The first fully synthetic plastic, Bakelite, was invented in the early 1900s. Mass production of plastics made from crude oil, began in the 1940s and 1950s. Only a hundred years later in 2050, we could have more plastic in the ocean than fish. Back in Bali, there was plastic bags, cups, straws and bottles scattered along the tide line as I walked along the beach close to our accommodation, while snorkeling, plastic bags danced in the water jellyfish-like, plastic rubbish was caught in foliage by the side of the roads and plastic floated in the waterways.

Bali is just an example of what is happening in so many places around the world. It is perhaps more shocking in such a beautiful place. But will an initiative to set up by volunteers be enough to begin the education of the Balinese, or will it take a government initiative? Where I live in Western Australia, our state government is about to introduce a ban on lightweight plastic bags on July 1st 2018. While shopping bags make up only a small proportion of plastic waste they can have a devastating impact on marine life and birds. Let’s hope this new law will be the first of many. There is already talk of a ban on plastic straws.

As I walk on the beach with my dog each day I know that our use of plastics and how we dispose of them has to change and that change can’t come soon enough. The amount of plastic I pick up depends on weather and tides, however there is some plastic there every single day.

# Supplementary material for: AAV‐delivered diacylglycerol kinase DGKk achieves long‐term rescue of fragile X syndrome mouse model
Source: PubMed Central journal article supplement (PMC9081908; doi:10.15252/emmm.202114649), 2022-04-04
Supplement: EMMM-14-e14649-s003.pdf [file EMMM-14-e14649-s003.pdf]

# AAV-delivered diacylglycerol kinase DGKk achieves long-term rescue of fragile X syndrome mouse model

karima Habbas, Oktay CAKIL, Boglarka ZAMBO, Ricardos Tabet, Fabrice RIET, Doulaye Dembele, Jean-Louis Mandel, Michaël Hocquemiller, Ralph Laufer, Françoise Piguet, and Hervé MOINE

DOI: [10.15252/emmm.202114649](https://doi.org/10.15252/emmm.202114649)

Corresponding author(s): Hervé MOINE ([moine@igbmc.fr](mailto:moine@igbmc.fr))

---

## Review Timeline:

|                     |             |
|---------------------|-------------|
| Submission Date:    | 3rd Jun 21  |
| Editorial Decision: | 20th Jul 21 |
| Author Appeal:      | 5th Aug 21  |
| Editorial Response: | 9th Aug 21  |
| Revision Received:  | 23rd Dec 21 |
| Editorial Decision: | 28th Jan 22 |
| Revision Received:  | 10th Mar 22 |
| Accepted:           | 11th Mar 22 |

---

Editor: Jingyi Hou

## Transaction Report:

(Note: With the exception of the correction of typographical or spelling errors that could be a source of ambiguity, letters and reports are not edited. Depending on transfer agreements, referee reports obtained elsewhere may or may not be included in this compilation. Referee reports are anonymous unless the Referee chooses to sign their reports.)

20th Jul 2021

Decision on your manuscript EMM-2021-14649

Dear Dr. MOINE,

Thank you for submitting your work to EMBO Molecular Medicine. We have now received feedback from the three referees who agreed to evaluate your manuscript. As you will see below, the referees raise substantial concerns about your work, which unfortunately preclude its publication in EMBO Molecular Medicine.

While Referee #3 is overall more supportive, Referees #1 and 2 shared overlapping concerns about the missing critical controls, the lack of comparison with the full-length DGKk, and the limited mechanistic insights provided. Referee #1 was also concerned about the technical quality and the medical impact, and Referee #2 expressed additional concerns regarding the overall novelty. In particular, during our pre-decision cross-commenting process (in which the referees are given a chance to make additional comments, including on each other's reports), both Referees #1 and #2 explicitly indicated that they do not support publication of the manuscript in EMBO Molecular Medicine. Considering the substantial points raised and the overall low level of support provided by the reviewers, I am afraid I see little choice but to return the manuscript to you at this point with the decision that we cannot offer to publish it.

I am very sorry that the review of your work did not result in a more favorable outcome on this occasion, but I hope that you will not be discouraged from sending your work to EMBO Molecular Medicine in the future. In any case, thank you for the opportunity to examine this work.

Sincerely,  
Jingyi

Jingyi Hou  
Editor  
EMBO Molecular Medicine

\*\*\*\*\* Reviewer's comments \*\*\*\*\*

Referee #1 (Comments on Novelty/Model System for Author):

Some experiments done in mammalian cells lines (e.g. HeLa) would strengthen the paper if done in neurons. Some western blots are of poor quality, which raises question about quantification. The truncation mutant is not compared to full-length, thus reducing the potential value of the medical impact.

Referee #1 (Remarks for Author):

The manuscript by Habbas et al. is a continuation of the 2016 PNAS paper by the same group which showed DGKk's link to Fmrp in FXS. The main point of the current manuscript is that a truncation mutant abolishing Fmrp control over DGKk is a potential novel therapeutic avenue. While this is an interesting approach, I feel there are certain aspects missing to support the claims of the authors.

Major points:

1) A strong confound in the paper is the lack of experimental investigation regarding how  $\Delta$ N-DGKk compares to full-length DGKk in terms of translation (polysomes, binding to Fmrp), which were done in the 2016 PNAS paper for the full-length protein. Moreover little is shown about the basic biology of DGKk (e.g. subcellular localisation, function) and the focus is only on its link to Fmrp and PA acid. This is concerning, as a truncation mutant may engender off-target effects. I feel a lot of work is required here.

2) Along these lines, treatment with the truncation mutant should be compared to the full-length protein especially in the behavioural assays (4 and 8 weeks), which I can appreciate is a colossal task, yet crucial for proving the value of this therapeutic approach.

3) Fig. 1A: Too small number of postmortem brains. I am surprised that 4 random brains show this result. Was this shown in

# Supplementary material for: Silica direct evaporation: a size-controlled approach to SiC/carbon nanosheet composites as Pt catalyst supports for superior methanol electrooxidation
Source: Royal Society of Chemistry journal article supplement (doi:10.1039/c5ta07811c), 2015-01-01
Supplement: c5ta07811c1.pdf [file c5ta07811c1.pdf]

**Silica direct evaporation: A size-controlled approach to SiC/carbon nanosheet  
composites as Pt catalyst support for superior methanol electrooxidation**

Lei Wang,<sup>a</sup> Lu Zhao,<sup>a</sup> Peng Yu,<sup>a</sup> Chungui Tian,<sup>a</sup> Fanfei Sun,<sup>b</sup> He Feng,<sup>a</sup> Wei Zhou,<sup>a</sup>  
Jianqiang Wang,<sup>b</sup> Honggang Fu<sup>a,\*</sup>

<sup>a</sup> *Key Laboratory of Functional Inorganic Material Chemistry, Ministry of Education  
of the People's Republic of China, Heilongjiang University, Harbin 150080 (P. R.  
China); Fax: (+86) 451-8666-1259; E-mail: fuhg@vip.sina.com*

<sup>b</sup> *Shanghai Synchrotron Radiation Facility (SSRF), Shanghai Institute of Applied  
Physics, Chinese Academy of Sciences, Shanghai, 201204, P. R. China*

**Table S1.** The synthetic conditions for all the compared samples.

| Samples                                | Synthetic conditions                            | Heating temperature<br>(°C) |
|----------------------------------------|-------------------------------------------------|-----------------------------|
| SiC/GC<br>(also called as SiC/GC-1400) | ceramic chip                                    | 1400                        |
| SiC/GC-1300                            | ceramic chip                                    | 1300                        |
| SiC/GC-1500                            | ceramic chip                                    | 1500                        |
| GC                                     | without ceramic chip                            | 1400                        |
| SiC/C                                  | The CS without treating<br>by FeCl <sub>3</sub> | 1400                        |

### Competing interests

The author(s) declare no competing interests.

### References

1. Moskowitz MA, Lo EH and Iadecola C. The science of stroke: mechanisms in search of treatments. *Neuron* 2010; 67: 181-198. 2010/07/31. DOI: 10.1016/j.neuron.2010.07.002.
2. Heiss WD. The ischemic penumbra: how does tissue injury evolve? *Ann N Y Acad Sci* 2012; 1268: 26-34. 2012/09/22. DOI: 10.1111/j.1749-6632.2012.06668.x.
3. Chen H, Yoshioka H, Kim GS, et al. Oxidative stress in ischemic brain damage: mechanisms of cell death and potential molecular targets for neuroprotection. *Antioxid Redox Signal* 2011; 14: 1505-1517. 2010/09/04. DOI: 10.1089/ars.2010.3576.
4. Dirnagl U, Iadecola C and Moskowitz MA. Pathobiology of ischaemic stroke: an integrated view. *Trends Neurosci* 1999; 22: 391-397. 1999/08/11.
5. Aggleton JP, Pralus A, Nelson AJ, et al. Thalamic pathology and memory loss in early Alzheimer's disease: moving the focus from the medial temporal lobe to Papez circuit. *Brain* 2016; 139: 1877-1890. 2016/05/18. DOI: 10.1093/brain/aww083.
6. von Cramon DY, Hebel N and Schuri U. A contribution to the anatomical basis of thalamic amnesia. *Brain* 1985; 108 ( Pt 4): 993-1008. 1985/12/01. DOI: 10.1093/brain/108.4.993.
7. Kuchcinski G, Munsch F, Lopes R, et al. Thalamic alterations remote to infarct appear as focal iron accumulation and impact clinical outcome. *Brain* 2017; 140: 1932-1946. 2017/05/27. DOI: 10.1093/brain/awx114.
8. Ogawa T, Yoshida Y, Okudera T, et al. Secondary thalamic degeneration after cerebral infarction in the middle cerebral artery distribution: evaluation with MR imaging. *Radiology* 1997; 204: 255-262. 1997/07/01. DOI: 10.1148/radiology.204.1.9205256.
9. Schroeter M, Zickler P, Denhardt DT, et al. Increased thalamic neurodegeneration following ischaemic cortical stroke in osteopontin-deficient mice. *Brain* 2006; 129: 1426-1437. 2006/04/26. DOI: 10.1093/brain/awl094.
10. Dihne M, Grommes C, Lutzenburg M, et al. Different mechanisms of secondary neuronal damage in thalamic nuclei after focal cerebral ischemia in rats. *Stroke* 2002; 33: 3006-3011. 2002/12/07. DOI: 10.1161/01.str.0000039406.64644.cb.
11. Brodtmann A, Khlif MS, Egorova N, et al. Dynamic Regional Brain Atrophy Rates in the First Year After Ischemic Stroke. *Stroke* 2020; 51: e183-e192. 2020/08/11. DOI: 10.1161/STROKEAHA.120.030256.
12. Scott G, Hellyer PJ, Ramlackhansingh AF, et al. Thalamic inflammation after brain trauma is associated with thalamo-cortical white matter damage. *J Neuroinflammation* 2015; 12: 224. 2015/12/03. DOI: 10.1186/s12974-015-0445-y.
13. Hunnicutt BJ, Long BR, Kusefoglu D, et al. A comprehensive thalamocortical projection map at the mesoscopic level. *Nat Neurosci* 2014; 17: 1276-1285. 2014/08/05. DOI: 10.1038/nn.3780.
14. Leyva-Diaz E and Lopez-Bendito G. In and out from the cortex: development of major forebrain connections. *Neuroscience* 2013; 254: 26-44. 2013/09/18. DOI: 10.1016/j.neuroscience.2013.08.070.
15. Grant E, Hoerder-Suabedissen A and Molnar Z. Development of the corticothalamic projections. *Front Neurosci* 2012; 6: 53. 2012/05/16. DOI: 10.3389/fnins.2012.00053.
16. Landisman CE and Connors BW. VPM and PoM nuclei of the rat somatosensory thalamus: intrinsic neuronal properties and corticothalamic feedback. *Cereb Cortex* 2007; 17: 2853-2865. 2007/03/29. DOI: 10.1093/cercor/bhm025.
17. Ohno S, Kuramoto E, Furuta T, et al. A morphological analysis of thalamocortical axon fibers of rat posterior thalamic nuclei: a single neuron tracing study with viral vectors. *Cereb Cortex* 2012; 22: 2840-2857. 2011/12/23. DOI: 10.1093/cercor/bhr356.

July 1st is also the beginning of Plastic Free July, a movement started in 2011 by the Earth Carers in Perth, Australia.  Plastic Free July is now an independent not-for-profit Foundation. It aims to raise awareness of the problems with single-use disposable plastic and challenges people to do something about it. ​Millions of people from 159 countries world-wide take the challenge and raise awareness and try to make a difference.

 

http://www.plasticfreejuly.org/

Beloved Birds

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Red-tailed, black cockatoos of Western Australia, with their loud distinctive calls, are classified as a threatened species, mainly due to habitat loss. I took this photo when a small flock temporarily settled, with great noise and attitude, in the gum tree in front of our house, before they moved on to feed in another tree close by. I always find their noisy movement and chatter uplifting as they charge the air with their energy and antics. They can live to fifty years of age and there is concern that a lot of the birds we are now seeing are these older birds and not juveniles, as successfully breeding is affected dramatically by vegetation clearing and lack of tree hollows for nesting. I hope that Perth will stop expanding in the destructive urban sprawl that often forces the clear-felling of bushland, and that we will continue to be visited by these beloved birds for many years to come.

https://dailypost.wordpress.com/photo-challenges/beloved/